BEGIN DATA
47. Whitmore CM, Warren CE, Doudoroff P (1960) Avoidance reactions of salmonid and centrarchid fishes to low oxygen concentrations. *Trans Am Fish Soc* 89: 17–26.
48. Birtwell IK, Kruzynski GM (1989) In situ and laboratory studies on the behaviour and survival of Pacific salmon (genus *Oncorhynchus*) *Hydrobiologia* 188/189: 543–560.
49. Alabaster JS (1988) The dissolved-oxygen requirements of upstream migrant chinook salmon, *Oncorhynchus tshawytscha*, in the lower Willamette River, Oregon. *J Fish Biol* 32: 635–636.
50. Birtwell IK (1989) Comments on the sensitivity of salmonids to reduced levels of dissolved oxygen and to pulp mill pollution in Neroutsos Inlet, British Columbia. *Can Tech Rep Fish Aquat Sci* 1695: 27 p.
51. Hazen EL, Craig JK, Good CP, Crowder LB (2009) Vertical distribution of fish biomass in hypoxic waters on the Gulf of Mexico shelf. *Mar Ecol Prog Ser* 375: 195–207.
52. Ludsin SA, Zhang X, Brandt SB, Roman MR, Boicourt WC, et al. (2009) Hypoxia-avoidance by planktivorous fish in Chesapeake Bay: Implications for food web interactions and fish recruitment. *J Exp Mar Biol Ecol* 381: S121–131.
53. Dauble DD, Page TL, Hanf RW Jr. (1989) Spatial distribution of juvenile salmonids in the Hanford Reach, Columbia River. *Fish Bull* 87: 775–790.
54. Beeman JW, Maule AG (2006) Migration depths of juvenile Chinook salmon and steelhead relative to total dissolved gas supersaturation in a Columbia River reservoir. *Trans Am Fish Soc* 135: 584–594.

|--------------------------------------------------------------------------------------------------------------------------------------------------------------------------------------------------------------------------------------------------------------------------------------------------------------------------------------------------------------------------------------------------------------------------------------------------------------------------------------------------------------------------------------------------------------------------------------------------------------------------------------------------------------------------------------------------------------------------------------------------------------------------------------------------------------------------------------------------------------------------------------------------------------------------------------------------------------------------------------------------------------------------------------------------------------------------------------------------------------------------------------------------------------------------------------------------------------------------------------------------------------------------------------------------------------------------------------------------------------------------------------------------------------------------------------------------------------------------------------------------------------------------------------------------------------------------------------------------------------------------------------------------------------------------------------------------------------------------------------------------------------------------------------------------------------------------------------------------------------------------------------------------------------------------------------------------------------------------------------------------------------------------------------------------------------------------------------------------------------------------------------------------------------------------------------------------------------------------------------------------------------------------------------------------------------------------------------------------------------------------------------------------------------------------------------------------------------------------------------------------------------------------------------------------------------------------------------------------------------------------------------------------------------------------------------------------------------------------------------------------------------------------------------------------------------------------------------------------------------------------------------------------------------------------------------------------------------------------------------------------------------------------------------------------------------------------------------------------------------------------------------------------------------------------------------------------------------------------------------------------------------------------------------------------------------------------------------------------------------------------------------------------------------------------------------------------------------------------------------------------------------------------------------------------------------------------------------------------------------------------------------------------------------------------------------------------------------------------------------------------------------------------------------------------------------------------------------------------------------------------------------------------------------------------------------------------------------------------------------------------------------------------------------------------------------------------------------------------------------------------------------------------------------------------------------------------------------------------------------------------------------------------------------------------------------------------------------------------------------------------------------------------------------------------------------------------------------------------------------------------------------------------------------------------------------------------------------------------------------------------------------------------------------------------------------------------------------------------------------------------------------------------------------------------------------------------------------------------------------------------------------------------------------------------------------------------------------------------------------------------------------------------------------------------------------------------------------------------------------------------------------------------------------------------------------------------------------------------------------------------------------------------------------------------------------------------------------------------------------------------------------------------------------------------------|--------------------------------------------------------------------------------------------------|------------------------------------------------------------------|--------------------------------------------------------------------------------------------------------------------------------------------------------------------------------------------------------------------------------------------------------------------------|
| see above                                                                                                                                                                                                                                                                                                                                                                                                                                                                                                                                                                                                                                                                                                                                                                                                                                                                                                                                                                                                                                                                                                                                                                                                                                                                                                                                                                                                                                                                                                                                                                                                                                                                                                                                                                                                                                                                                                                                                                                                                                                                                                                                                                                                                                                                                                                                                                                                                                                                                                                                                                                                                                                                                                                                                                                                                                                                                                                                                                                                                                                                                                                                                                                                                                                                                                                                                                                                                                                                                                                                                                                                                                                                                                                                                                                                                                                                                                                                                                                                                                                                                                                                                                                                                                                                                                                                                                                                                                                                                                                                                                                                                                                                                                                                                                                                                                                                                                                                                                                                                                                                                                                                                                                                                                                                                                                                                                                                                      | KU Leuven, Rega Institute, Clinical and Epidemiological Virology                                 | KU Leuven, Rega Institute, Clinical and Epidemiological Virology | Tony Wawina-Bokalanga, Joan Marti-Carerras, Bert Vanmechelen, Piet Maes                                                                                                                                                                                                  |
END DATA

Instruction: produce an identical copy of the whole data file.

47. Whitmore CM, Warren CE, Doudoroff P (1960) Avoidance reactions of salmonid and centrarchid fishes to low oxygen concentrations. *Trans Am Fish Soc* 89: 17–26.
48. Birtwell IK, Kruzynski GM (1989) In situ and laboratory studies on the behaviour and survival of Pacific salmon (genus *Oncorhynchus*) *Hydrobiologia* 188/189: 543–560.
49. Alabaster JS (1988) The dissolved-oxygen requirements of upstream migrant chinook salmon, *Oncorhynchus tshawytscha*, in the lower Willamette River, Oregon. *J Fish Biol* 32: 635–636.
50. Birtwell IK (1989) Comments on the sensitivity of salmonids to reduced levels of dissolved oxygen and to pulp mill pollution in Neroutsos Inlet, British Columbia. *Can Tech Rep Fish Aquat Sci* 1695: 27 p.
51. Hazen EL, Craig JK, Good CP, Crowder LB (2009) Vertical distribution of fish biomass in hypoxic waters on the Gulf of Mexico shelf. *Mar Ecol Prog Ser* 375: 195–207.
52. Ludsin SA, Zhang X, Brandt SB, Roman MR, Boicourt WC, et al. (2009) Hypoxia-avoidance by planktivorous fish in Chesapeake Bay: Implications for food web interactions and fish recruitment. *J Exp Mar Biol Ecol* 381: S121–131.
53. Dauble DD, Page TL, Hanf RW Jr. (1989) Spatial distribution of juvenile salmonids in the Hanford Reach, Columbia River. *Fish Bull* 87: 775–790.
54. Beeman JW, Maule AG (2006) Migration depths of juvenile Chinook salmon and steelhead relative to total dissolved gas supersaturation in a Columbia River reservoir. *Trans Am Fish Soc* 135: 584–594.

|--------------------------------------------------------------------------------------------------------------------------------------------------------------------------------------------------------------------------------------------------------------------------------------------------------------------------------------------------------------------------------------------------------------------------------------------------------------------------------------------------------------------------------------------------------------------------------------------------------------------------------------------------------------------------------------------------------------------------------------------------------------------------------------------------------------------------------------------------------------------------------------------------------------------------------------------------------------------------------------------------------------------------------------------------------------------------------------------------------------------------------------------------------------------------------------------------------------------------------------------------------------------------------------------------------------------------------------------------------------------------------------------------------------------------------------------------------------------------------------------------------------------------------------------------------------------------------------------------------------------------------------------------------------------------------------------------------------------------------------------------------------------------------------------------------------------------------------------------------------------------------------------------------------------------------------------------------------------------------------------------------------------------------------------------------------------------------------------------------------------------------------------------------------------------------------------------------------------------------------------------------------------------------------------------------------------------------------------------------------------------------------------------------------------------------------------------------------------------------------------------------------------------------------------------------------------------------------------------------------------------------------------------------------------------------------------------------------------------------------------------------------------------------------------------------------------------------------------------------------------------------------------------------------------------------------------------------------------------------------------------------------------------------------------------------------------------------------------------------------------------------------------------------------------------------------------------------------------------------------------------------------------------------------------------------------------------------------------------------------------------------------------------------------------------------------------------------------------------------------------------------------------------------------------------------------------------------------------------------------------------------------------------------------------------------------------------------------------------------------------------------------------------------------------------------------------------------------------------------------------------------------------------------------------------------------------------------------------------------------------------------------------------------------------------------------------------------------------------------------------------------------------------------------------------------------------------------------------------------------------------------------------------------------------------------------------------------------------------------------------------------------------------------------------------------------------------------------------------------------------------------------------------------------------------------------------------------------------------------------------------------------------------------------------------------------------------------------------------------------------------------------------------------------------------------------------------------------------------------------------------------------------------------------------------------------------------------------------------------------------------------------------------------------------------------------------------------------------------------------------------------------------------------------------------------------------------------------------------------------------------------------------------------------------------------------------------------------------------------------------------------------------------------------------------------|--------------------------------------------------------------------------------------------------|------------------------------------------------------------------|--------------------------------------------------------------------------------------------------------------------------------------------------------------------------------------------------------------------------------------------------------------------------|
| see above                                                                                                                                                                                                                                                                                                                                                                                                                                                                                                                                                                                                                                                                                                                                                                                                                                                                                                                                                                                                                                                                                                                                                                                                                                                                                                                                                                                                                                                                                                                                                                                                                                                                                                                                                                                                                                                                                                                                                                                                                                                                                                                                                                                                                                                                                                                                                                                                                                                                                                                                                                                                                                                                                                                                                                                                                                                                                                                                                                                                                                                                                                                                                                                                                                                                                                                                                                                                                                                                                                                                                                                                                                                                                                                                                                                                                                                                                                                                                                                                                                                                                                                                                                                                                                                                                                                                                                                                                                                                                                                                                                                                                                                                                                                                                                                                                                                                                                                                                                                                                                                                                                                                                                                                                                                                                                                                                                                                                      | KU Leuven, Rega Institute, Clinical and Epidemiological Virology                                 | KU Leuven, Rega Institute, Clinical and Epidemiological Virology | Tony Wawina-Bokalanga, Joan Marti-Carerras, Bert Vanmechelen, Piet Maes                                                                                                                                                                                                  |